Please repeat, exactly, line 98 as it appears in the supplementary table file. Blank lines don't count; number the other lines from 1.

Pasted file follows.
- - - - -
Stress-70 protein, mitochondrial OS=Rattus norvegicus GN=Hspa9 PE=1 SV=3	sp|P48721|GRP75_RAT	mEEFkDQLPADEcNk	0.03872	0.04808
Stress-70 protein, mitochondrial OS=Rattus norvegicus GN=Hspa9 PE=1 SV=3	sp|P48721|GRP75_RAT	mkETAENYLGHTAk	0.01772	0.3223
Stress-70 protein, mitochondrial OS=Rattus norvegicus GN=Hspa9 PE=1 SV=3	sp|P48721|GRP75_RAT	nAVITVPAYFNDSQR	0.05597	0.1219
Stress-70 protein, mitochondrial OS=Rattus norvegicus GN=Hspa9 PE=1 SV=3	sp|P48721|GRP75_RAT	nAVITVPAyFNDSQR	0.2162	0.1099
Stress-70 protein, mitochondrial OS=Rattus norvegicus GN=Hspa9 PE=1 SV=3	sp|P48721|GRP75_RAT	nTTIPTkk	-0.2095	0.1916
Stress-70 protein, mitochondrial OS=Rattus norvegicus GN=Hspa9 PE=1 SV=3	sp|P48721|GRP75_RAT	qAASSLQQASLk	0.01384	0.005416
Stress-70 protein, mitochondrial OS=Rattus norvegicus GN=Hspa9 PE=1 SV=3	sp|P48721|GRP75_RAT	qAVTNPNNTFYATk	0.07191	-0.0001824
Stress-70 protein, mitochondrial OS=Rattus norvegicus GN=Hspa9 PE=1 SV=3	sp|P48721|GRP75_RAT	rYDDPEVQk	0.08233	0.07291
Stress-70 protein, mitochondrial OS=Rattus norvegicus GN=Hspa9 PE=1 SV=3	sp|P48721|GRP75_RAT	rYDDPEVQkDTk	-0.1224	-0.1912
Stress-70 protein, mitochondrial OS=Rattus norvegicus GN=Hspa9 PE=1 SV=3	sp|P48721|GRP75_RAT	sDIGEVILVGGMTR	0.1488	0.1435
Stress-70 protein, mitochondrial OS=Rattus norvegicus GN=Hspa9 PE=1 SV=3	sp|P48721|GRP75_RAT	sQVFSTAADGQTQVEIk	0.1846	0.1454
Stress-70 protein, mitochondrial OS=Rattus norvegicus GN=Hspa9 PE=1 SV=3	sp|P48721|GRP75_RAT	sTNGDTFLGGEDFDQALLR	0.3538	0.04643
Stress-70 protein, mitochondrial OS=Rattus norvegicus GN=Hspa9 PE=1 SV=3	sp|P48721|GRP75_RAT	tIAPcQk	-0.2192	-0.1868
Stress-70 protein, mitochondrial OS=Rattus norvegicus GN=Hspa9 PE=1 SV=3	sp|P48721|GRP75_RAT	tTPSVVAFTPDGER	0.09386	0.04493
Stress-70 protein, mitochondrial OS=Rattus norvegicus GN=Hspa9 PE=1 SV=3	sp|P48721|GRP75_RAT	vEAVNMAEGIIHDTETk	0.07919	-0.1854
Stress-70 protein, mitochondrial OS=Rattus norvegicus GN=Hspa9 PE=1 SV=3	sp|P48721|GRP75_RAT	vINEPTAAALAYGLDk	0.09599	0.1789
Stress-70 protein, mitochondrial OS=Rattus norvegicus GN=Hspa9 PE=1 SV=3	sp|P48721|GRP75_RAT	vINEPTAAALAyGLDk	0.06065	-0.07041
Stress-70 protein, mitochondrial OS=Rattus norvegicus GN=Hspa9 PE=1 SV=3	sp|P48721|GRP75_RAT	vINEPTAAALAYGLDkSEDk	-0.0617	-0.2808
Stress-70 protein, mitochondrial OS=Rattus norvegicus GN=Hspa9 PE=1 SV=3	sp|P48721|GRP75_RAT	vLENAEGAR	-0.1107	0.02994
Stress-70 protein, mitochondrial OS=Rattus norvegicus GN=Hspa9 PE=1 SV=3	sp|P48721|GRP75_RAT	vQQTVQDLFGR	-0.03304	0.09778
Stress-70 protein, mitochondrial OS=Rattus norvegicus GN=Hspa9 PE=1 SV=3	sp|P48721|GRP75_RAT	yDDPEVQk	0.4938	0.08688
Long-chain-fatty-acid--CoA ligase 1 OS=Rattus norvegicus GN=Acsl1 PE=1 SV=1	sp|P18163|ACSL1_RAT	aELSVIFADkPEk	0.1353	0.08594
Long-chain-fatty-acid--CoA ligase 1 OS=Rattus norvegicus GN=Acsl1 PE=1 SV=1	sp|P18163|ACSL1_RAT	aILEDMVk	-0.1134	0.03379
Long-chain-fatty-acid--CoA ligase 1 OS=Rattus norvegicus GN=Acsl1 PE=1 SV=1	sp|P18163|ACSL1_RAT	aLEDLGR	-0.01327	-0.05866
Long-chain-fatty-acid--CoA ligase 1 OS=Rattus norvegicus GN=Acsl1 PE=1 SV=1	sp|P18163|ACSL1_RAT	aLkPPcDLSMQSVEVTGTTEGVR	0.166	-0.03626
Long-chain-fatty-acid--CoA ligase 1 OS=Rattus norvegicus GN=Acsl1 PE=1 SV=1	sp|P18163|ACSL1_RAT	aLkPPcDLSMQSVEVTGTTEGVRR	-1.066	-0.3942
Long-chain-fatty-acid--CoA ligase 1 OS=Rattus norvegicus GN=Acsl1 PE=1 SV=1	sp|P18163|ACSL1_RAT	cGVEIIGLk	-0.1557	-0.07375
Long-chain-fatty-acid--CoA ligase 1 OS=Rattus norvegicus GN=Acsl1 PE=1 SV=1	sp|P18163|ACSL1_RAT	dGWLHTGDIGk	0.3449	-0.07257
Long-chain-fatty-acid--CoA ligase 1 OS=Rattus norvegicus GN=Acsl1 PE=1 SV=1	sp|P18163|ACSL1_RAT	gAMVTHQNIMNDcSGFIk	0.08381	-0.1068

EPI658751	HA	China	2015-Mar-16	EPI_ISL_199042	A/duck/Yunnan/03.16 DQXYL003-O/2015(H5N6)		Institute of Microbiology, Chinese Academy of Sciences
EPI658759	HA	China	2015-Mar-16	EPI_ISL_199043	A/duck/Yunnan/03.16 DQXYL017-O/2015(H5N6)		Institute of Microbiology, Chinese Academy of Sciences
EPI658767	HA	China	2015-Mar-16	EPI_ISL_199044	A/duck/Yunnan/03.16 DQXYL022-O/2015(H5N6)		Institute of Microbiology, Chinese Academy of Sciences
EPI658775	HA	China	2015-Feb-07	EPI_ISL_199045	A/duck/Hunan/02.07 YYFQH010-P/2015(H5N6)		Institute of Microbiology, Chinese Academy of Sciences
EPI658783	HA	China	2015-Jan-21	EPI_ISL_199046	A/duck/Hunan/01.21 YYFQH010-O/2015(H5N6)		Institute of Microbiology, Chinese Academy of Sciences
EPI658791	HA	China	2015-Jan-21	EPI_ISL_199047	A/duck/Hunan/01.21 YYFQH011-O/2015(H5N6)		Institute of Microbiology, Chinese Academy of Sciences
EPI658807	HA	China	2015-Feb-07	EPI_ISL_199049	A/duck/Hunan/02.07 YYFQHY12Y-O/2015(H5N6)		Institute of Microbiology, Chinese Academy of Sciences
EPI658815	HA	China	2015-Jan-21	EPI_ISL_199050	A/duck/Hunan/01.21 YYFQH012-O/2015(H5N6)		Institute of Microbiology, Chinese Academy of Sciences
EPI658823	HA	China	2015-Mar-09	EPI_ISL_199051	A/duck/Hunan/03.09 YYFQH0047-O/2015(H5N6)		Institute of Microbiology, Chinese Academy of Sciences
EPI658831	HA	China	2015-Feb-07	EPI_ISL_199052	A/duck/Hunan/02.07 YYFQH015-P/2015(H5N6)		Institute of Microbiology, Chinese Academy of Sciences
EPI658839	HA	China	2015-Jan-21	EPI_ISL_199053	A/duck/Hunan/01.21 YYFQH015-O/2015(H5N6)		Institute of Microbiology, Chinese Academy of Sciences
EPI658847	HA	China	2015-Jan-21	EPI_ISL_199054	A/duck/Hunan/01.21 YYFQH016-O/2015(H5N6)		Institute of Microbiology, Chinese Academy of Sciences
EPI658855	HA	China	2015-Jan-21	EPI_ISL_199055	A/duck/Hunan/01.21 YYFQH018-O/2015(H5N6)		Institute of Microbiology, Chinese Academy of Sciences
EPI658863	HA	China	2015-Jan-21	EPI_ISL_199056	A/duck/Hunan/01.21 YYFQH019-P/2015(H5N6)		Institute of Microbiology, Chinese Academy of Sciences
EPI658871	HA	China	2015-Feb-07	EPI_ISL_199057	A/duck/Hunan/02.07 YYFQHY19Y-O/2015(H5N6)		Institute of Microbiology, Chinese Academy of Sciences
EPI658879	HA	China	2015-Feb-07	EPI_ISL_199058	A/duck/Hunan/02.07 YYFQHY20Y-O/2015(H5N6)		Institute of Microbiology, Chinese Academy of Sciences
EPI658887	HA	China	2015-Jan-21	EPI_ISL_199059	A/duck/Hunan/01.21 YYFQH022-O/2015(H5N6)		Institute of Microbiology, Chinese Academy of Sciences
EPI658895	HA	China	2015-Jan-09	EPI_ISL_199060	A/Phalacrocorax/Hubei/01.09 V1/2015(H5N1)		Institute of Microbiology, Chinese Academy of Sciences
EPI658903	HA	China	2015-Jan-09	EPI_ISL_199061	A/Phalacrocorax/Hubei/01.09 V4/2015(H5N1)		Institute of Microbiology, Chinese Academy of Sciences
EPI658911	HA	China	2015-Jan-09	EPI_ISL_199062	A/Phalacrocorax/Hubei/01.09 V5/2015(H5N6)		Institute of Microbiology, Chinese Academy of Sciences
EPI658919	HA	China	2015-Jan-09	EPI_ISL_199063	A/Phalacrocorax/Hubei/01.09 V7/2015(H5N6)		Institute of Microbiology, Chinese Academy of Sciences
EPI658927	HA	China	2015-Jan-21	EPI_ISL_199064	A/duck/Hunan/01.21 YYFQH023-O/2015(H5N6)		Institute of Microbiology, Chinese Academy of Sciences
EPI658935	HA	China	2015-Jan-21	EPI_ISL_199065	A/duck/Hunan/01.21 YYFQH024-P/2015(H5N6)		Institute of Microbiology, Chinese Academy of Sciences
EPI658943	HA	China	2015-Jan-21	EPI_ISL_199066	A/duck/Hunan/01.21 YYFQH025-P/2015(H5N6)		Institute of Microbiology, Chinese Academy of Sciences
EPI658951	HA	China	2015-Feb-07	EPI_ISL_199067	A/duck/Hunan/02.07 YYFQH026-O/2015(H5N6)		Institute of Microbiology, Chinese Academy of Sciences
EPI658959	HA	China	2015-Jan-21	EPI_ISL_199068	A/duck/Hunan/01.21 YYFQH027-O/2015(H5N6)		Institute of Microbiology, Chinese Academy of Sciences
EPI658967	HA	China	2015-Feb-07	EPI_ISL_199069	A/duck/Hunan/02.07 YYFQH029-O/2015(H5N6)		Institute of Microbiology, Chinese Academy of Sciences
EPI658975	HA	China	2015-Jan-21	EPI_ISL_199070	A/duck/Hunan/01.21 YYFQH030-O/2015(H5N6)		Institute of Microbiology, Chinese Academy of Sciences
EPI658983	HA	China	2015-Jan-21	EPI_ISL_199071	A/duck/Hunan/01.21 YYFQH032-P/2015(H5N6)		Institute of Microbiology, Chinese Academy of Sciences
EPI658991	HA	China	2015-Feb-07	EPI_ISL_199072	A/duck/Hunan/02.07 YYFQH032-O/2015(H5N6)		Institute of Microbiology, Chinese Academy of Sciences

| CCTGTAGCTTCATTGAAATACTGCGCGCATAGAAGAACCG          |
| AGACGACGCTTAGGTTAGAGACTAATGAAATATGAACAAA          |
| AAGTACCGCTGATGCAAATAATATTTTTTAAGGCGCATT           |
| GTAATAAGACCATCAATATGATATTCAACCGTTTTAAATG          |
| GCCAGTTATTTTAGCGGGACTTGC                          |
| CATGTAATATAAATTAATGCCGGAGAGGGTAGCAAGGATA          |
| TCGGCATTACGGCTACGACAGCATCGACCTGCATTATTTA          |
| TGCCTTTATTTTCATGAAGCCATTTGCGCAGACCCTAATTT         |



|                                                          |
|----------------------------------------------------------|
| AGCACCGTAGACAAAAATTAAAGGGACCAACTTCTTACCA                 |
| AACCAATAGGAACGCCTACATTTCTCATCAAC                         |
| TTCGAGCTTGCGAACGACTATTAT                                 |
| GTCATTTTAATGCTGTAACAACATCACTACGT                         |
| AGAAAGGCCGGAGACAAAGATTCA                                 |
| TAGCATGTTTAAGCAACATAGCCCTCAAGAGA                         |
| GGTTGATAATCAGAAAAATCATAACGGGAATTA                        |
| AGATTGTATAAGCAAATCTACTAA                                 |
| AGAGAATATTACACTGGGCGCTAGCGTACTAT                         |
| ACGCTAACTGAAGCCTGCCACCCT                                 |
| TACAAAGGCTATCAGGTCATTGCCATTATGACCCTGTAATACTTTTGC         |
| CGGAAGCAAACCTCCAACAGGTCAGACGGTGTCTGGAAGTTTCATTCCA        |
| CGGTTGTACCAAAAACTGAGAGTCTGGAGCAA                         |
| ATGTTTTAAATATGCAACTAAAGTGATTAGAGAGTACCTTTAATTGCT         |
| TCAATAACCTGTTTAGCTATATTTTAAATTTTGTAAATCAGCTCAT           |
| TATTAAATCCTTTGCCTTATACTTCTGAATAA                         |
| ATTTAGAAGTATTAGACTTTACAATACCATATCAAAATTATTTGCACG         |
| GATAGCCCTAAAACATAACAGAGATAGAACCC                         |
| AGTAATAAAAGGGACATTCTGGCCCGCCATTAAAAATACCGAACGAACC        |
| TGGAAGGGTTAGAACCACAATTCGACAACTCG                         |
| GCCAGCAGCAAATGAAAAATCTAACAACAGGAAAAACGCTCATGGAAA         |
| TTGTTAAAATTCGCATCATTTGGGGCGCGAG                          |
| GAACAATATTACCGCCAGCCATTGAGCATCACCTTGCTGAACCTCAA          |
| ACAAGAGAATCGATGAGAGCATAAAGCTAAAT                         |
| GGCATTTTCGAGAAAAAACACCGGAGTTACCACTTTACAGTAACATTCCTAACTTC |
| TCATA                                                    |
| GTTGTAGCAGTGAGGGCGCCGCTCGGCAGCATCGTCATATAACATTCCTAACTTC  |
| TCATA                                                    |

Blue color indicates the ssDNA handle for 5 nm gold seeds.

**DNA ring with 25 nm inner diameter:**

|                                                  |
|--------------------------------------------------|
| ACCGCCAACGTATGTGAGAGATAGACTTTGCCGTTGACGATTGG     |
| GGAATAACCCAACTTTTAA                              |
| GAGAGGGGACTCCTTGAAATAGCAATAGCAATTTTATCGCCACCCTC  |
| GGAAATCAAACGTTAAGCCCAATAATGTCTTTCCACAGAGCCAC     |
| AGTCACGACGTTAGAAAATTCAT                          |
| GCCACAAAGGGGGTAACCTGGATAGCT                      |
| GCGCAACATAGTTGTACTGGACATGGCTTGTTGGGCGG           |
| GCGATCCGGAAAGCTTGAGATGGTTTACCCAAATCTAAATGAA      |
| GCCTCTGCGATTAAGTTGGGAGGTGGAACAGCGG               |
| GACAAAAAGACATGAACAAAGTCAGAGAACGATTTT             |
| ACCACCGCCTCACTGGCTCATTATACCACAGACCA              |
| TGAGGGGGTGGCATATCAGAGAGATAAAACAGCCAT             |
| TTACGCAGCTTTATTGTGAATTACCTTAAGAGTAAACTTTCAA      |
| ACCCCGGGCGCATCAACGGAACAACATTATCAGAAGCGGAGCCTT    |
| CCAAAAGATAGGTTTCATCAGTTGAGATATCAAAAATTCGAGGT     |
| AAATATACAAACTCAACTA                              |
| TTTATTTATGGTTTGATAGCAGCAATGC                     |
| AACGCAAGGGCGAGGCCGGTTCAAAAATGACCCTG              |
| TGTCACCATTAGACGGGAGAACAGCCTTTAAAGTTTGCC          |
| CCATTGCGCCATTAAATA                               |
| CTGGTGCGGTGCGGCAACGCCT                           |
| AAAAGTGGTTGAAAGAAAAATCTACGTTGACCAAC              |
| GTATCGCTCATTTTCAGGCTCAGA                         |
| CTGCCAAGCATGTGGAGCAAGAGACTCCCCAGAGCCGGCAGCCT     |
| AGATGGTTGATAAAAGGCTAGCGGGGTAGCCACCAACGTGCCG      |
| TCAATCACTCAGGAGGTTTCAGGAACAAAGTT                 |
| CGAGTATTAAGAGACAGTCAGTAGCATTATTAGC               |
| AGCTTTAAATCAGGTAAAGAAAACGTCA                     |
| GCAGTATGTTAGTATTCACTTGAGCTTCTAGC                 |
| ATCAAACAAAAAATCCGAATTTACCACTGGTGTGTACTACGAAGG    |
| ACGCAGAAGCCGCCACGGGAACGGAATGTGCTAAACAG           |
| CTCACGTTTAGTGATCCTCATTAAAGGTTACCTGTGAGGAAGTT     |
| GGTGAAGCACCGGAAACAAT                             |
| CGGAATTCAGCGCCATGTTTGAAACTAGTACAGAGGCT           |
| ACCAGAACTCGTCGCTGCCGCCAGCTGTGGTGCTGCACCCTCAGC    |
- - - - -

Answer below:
Blue color indicates the ssDNA handle for 5 nm gold seeds.